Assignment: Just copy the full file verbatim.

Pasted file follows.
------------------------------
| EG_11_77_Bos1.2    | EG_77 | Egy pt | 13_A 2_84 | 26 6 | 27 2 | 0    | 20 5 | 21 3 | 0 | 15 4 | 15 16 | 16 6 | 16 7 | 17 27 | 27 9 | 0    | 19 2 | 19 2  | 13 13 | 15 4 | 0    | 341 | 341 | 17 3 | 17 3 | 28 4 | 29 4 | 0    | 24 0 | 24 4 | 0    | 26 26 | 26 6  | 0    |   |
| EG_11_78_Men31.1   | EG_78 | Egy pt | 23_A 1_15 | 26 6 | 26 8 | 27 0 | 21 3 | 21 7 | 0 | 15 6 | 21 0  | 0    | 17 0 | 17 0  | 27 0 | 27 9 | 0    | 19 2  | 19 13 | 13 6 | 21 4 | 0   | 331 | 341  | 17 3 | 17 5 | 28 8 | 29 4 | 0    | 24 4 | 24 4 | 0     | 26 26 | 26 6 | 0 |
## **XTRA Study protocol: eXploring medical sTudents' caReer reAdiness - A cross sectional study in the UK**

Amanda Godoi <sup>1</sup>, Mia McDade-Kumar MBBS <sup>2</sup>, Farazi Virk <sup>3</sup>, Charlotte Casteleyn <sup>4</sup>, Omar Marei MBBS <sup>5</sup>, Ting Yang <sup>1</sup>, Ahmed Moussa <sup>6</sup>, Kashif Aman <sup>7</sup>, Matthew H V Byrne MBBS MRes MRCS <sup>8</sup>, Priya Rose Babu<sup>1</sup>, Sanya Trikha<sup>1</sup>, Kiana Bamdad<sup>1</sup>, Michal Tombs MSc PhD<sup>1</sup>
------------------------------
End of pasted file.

| EG_11_77_Bos1.2    | EG_77 | Egy pt | 13_A 2_84 | 26 6 | 27 2 | 0    | 20 5 | 21 3 | 0 | 15 4 | 15 16 | 16 6 | 16 7 | 17 27 | 27 9 | 0    | 19 2 | 19 2  | 13 13 | 15 4 | 0    | 341 | 341 | 17 3 | 17 3 | 28 4 | 29 4 | 0    | 24 0 | 24 4 | 0    | 26 26 | 26 6  | 0    |   |
| EG_11_78_Men31.1   | EG_78 | Egy pt | 23_A 1_15 | 26 6 | 26 8 | 27 0 | 21 3 | 21 7 | 0 | 15 6 | 21 0  | 0    | 17 0 | 17 0  | 27 0 | 27 9 | 0    | 19 2  | 19 13 | 13 6 | 21 4 | 0   | 331 | 341  | 17 3 | 17 5 | 28 8 | 29 4 | 0    | 24 4 | 24 4 | 0     | 26 26 | 26 6 | 0 |
## **XTRA Study protocol: eXploring medical sTudents' caReer reAdiness - A cross sectional study in the UK**

Amanda Godoi <sup>1</sup>, Mia McDade-Kumar MBBS <sup>2</sup>, Farazi Virk <sup>3</sup>, Charlotte Casteleyn <sup>4</sup>, Omar Marei MBBS <sup>5</sup>, Ting Yang <sup>1</sup>, Ahmed Moussa <sup>6</sup>, Kashif Aman <sup>7</sup>, Matthew H V Byrne MBBS MRes MRCS <sup>8</sup>, Priya Rose Babu<sup>1</sup>, Sanya Trikha<sup>1</sup>, Kiana Bamdad<sup>1</sup>, Michal Tombs MSc PhD<sup>1</sup>